How our accomodation of sin found us out in Charlottesville.
The tragic events in Charlottesville have captivated the attention of the nation, plunging us, yet again, into another period of deep soul-searching over our anguished racial history. President Donald Trump drew criticism from both sides of the aisle for his reluctance to condemn white nationalism specifically in his initial remarks.
As a scholar of political rhetoric, I understand, yet strongly disagree with Trump’s strategy in refusing to condemn white nationalism specifically. A vocal part of his base aligns with this philosophy, leaving him little incentive to risk alienating them. When former Klansman David Duke endorsed Trump during the campaign, the candidate expressed similar hesitancy in distancing himself from white nationalism.
Trump deserves strong criticism for his failure to specifically and clearly condemn white nationalism. The lure of power and votes do not justify his silence. Yet, to criticize an unpopular president is easy. Perhaps the harder, more difficult task we face in the wake of Charlottesville is to consider how we as citizens and Christians engage in a similar type of silence on a regular basis. Many of us mobilize in defense of ideals of equality every time an incident like Charlottesville occurs but quickly retreat to our comfort zones when public attention dies down. Daily battles for equality in church, education, employment, and the criminal justice system are much harder to maintain.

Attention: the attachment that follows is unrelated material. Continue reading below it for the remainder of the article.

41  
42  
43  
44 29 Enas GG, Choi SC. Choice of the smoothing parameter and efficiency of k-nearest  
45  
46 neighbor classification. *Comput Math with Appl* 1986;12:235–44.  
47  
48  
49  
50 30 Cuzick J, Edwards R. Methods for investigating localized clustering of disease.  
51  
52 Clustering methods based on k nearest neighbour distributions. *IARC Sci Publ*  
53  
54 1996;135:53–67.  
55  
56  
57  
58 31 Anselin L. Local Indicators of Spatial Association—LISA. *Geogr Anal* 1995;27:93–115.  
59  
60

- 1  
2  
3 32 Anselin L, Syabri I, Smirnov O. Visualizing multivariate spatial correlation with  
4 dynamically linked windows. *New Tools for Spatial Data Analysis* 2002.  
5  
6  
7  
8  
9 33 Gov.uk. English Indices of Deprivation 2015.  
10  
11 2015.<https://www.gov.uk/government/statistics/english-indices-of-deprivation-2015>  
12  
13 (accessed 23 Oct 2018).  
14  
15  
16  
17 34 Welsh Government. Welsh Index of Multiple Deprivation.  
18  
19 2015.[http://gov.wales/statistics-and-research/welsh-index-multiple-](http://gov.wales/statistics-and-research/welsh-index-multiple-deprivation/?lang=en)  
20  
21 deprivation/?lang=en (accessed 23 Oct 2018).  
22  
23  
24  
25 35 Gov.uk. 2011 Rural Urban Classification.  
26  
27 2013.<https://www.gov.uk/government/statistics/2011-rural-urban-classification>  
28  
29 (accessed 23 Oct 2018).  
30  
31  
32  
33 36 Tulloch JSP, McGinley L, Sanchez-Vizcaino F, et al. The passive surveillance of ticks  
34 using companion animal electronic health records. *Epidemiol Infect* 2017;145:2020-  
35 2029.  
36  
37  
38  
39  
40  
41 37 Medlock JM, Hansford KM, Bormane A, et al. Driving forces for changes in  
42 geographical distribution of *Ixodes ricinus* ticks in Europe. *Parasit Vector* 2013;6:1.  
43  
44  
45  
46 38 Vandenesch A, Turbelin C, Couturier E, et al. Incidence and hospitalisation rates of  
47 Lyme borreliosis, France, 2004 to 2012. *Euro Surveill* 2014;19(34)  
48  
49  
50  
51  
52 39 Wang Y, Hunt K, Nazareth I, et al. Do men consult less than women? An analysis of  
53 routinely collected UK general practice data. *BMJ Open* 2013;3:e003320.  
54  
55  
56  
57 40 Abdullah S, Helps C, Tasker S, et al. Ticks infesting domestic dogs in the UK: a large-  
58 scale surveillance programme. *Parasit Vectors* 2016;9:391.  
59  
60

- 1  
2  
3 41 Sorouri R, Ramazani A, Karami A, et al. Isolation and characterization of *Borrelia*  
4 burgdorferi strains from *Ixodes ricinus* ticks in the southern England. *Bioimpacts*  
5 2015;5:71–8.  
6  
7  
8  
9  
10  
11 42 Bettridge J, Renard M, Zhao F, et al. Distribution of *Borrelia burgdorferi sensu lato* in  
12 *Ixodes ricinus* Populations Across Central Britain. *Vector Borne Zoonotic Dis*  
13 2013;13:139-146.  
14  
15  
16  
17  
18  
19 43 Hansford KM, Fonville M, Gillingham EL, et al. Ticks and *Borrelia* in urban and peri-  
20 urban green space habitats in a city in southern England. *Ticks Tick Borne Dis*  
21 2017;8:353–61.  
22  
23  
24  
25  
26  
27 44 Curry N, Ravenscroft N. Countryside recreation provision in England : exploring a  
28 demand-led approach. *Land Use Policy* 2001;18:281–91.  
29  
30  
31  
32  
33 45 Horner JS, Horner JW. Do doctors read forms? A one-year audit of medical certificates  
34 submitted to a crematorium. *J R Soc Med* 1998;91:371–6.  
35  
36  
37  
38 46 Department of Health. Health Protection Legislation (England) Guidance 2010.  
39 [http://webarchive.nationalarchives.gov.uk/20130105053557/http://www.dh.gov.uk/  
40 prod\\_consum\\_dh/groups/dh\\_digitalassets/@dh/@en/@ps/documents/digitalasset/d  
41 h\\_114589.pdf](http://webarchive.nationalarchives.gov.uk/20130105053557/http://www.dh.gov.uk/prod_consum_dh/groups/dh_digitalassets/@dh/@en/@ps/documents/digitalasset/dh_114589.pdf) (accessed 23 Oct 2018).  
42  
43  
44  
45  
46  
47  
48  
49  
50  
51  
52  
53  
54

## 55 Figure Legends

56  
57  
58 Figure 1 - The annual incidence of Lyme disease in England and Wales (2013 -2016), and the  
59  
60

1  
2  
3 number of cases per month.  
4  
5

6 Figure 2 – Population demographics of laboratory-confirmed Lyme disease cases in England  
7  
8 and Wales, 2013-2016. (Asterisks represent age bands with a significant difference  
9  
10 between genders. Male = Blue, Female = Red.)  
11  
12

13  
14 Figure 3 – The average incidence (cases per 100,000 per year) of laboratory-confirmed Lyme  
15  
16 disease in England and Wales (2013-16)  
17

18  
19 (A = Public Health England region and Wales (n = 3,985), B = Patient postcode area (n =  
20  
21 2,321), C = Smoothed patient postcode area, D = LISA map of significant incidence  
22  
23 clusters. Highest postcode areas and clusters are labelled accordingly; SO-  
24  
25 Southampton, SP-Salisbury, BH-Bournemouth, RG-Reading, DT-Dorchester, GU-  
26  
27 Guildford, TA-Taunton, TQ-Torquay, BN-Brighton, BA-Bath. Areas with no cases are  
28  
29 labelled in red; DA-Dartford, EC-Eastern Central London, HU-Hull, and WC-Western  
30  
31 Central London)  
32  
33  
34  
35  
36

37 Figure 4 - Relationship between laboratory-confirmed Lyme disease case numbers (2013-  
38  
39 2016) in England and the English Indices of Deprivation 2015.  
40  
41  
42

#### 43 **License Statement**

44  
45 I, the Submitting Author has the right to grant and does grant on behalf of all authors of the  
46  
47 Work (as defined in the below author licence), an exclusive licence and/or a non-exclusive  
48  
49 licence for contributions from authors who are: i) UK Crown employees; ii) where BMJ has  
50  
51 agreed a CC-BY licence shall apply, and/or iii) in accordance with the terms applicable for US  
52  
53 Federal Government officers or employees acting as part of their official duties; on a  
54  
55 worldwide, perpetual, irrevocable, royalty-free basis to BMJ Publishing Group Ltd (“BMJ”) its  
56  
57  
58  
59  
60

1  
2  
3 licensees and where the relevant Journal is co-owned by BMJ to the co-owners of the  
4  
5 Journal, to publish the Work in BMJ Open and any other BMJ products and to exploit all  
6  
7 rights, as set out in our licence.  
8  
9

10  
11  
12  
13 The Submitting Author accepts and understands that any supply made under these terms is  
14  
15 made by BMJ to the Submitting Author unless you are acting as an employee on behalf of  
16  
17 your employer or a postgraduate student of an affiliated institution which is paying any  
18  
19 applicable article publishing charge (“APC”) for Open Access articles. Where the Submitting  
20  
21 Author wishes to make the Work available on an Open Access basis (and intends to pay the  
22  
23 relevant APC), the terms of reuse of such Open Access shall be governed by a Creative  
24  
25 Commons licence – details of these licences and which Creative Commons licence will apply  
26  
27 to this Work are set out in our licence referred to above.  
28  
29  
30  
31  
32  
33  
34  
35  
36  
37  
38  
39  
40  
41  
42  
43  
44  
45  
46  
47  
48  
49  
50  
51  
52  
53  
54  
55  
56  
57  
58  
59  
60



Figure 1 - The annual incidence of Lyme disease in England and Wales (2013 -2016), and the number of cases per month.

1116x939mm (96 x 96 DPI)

Trump’s silence on white supremacy was not an aberration but a cultural norm. Our disgust with his statement threatens to blind us to the ways in which the American imagination has consistently made room for the ideas of white supremacy to exist alongside core values like freedom, justice, and equality. …
Source: Christianity Today Most Read